Fewer People Are Eating At McDonald’s
NEW YORK — McDonald’s reported disappointing quarterly sales Thursday as fewer customers visited the world’s biggest hamburger chain.
The Oak Brook, Ill.-based company says global sales slipped 0.1 percent at established locations for the last three months of the year. In the U.S., where it recently revamped its Dollar Menu to include items that cost a little more, the figure fell 1.4 percent.
After outperforming its rivals for years, McDonald’s Corp. is facing a mix of challenges, including a shift in eating habits toward foods people feel are fresher or healthier. CEO Don Thompson has been working to better reflect those tastes by adding options such as chicken wraps and egg whites for its breakfast sandwiches.
But the efforts have yet to take hold. In a regulatory filing with the Securities and Exchange Commission, the company said it has seen a “muted response” to its various promotions.
For 2013, guest counts fell 1.9 percent globally at established locations and 1.6 percent in the U.S., according to the filing.
McDonald’s is also facing heightened competition from old rivals such as Burger King and Wendy’s, and all three chains have been aggressively promoting their value menus to fight for customers.
To address concerns that the focus on value could eat into profit margins, McDonald’s in early November updated its decade-old Dollar Menu. The “Dollar Menu & More” now includes items that cost around $2 and $5.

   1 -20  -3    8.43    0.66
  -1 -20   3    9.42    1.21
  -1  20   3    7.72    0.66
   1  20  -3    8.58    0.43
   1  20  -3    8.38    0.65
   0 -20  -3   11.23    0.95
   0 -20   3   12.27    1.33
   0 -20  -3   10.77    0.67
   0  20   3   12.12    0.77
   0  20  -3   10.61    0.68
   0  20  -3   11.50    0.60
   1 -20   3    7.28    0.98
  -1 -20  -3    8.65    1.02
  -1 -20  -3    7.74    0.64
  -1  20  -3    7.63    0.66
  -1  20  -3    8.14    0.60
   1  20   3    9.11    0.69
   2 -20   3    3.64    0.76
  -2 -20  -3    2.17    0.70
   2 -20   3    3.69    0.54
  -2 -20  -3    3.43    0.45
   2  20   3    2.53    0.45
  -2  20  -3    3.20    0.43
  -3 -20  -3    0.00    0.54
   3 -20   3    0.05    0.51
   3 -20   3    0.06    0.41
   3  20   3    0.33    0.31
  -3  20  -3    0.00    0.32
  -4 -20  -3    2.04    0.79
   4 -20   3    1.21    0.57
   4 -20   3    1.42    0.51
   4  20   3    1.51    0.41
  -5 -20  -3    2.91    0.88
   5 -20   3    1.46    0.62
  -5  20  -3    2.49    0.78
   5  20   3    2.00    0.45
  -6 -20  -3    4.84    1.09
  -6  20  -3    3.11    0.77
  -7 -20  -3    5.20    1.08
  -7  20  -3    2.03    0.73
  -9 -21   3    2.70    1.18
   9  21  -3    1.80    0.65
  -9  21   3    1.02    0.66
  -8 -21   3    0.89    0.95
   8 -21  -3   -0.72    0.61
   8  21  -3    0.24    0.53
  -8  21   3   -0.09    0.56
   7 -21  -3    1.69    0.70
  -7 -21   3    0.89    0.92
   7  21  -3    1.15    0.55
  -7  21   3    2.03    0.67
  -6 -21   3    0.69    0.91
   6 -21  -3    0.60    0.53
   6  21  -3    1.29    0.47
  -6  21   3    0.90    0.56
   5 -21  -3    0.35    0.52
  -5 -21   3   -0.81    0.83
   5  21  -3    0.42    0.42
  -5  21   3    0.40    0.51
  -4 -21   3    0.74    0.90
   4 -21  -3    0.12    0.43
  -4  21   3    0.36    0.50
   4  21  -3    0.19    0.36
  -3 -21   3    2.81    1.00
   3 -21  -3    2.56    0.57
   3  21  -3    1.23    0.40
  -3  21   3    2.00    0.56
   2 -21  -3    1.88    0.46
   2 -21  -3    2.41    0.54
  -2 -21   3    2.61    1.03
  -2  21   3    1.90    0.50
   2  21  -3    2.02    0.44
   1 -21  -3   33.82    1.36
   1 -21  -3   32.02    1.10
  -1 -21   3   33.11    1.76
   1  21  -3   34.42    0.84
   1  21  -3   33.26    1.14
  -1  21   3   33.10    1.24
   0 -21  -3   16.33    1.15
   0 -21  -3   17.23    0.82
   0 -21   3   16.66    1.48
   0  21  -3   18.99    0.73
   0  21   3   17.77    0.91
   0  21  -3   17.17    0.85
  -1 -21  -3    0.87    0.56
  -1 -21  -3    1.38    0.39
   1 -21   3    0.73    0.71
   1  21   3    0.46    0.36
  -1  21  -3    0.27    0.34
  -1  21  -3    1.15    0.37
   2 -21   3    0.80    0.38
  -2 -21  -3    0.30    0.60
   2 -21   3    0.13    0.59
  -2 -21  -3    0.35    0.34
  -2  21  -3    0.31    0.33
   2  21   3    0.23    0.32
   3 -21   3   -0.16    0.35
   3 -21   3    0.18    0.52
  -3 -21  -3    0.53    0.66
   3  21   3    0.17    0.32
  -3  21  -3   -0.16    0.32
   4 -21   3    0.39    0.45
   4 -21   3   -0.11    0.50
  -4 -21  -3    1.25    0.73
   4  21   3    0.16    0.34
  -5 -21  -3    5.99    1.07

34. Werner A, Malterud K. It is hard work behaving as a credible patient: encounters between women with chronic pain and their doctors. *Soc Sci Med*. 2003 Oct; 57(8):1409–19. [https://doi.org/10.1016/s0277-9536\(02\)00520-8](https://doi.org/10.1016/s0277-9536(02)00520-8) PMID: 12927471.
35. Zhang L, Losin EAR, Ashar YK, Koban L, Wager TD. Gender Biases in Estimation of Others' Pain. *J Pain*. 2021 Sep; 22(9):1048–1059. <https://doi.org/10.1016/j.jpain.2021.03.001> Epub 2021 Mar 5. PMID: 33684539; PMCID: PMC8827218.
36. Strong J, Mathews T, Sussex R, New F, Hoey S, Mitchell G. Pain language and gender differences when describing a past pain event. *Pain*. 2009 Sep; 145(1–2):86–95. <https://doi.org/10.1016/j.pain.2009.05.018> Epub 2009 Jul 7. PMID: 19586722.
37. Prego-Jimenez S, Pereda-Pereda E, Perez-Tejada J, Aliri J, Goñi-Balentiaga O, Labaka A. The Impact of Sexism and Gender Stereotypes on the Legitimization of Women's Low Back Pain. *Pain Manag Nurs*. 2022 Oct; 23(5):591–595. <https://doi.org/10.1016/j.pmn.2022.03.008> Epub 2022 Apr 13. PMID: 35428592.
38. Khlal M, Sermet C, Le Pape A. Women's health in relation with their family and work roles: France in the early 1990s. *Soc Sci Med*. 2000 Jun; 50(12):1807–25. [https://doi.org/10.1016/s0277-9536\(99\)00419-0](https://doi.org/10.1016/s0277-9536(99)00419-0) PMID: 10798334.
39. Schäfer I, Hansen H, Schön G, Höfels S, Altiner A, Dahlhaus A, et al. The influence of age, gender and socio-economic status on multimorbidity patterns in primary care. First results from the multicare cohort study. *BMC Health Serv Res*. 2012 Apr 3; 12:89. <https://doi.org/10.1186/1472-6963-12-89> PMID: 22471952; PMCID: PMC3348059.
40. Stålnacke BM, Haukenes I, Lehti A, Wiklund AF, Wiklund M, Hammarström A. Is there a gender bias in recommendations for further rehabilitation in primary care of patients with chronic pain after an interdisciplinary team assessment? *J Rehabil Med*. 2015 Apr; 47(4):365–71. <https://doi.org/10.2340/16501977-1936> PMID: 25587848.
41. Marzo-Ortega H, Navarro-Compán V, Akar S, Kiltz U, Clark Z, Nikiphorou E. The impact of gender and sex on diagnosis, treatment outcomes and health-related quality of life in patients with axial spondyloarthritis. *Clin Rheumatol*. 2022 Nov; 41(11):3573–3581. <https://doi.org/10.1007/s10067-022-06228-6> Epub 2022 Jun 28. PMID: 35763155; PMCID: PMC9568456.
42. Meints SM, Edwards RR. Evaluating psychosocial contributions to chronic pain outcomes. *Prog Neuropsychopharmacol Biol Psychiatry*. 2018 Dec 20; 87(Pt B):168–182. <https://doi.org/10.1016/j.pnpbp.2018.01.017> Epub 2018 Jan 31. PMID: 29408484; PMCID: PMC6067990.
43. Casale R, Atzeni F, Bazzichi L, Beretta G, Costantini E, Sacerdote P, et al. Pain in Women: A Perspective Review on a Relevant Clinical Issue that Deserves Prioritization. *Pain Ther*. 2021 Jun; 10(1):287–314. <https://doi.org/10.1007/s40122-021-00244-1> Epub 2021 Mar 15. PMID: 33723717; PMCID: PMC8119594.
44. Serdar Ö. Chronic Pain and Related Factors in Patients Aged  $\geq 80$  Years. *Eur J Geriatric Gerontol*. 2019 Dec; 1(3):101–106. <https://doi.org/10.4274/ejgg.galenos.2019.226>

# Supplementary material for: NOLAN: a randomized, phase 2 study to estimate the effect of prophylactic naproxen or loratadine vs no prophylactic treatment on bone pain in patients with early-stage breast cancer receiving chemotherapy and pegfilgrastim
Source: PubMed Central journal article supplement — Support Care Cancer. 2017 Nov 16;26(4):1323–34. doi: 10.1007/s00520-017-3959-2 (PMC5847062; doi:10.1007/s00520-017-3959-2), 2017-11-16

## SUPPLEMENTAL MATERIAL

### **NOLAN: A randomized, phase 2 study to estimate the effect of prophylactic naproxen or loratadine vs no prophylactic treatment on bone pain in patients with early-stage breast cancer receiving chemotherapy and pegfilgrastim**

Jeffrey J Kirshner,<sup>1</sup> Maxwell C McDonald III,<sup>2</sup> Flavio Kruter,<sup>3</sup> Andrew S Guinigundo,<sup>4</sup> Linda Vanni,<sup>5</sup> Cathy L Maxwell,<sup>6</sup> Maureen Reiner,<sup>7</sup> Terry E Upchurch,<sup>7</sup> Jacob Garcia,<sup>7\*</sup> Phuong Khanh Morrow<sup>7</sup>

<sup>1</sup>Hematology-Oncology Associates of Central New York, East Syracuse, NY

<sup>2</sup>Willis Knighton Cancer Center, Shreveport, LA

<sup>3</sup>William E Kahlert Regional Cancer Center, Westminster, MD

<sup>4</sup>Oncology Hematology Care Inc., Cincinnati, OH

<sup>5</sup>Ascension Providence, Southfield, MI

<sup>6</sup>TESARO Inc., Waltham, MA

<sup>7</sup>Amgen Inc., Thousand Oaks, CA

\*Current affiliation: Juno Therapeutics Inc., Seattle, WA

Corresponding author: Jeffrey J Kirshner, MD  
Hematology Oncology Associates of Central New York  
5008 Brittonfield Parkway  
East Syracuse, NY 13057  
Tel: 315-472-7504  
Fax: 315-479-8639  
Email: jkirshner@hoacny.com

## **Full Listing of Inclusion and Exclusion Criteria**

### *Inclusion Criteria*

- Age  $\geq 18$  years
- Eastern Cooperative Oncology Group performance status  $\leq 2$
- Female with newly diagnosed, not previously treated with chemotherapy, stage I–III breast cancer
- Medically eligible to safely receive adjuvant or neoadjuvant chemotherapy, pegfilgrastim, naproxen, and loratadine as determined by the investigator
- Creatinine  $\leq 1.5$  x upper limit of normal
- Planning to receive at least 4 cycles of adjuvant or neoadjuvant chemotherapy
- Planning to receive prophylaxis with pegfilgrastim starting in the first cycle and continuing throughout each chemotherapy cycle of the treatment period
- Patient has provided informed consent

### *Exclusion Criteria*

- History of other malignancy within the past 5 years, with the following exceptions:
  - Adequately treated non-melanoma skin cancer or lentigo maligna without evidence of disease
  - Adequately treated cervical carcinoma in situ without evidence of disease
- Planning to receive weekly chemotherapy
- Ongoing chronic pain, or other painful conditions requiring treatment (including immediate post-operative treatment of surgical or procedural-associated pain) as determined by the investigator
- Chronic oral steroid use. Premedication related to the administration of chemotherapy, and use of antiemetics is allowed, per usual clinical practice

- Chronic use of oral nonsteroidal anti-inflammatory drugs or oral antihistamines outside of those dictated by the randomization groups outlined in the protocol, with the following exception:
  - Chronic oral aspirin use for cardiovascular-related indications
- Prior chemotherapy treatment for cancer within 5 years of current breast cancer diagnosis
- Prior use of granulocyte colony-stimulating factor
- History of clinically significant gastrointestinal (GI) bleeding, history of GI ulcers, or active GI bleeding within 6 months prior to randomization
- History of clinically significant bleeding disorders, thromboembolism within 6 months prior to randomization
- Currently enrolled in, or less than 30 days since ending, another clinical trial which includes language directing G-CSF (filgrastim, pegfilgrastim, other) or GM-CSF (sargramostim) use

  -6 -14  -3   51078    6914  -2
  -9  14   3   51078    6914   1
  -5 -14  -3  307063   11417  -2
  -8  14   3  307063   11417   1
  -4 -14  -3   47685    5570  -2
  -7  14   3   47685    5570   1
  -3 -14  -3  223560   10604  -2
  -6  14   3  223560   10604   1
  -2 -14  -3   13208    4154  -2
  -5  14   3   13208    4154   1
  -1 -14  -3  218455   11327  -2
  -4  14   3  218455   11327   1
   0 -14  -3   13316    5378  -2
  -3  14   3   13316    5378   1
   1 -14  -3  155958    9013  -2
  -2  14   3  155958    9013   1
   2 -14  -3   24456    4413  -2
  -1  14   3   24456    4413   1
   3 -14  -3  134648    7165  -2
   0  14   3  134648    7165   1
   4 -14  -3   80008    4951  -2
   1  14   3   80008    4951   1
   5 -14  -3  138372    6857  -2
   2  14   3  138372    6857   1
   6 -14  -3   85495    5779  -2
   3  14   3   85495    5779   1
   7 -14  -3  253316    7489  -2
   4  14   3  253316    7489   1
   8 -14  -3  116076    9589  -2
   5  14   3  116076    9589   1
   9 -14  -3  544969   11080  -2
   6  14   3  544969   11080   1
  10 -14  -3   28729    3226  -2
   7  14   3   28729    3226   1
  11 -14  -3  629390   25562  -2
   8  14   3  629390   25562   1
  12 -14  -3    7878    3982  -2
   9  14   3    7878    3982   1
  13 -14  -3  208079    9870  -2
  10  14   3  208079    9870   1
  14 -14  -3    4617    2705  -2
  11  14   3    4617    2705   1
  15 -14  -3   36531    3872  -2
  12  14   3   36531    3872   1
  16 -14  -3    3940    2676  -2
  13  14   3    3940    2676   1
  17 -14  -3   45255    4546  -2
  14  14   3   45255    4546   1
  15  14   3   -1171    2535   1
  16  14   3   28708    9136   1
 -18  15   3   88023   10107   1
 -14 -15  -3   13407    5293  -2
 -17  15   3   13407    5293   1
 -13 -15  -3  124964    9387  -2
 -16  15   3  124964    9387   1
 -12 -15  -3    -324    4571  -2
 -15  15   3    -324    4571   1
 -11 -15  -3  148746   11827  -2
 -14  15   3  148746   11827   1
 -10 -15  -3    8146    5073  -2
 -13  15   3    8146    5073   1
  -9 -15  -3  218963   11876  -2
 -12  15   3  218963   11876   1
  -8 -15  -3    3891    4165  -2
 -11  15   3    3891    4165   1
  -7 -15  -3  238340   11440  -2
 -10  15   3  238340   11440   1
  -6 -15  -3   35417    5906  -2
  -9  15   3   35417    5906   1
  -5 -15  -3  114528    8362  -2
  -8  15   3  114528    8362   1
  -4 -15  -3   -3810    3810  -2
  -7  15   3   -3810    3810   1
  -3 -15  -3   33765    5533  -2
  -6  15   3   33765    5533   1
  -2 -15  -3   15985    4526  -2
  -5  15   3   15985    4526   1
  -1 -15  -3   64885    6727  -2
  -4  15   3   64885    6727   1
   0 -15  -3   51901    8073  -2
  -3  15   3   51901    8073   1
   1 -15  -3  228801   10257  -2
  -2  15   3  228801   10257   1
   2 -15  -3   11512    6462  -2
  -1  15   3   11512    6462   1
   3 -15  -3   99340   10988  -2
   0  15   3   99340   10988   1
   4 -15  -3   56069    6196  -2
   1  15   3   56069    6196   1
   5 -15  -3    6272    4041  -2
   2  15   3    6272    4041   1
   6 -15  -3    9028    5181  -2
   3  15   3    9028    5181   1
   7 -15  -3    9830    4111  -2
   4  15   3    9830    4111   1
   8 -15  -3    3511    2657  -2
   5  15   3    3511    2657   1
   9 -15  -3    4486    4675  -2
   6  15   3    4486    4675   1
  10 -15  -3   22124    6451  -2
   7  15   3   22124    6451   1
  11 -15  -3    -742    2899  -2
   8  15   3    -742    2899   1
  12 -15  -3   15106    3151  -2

During the quarter, McDonald’s said customers on average spent more per visit. But global comparable sales were dragged down by the decline in guest counts.
In Europe, sales at locations open at least a year rose 1 percent. It fell 2.4 percent for the unit encompassing Asia, the Middle East and Africa.
The figure is a key metric because it strips out the volatility of newly opened and closed locations.
For January, McDonald’s expects the figure to be flat and says the challenges it’s facing will persist in the year ahead.
For the quarter, McDonald’s Corp. earned $1.4 billion, or $1.40 per share, which is a penny more than Wall Street expected. A year ago, it earned $1.39 billion, or $1.38 per share.
The opening of new locations helped lift revenue to $7.09 billion. But it was still shy of the $7.1 billion analysts expected.
The company plans to open between 1,500 and 1,600 new restaurants in 2014, adding to its more than 34,000 locations worldwide.
Shares of McDonald’s edged up 36 cents to $95.24.
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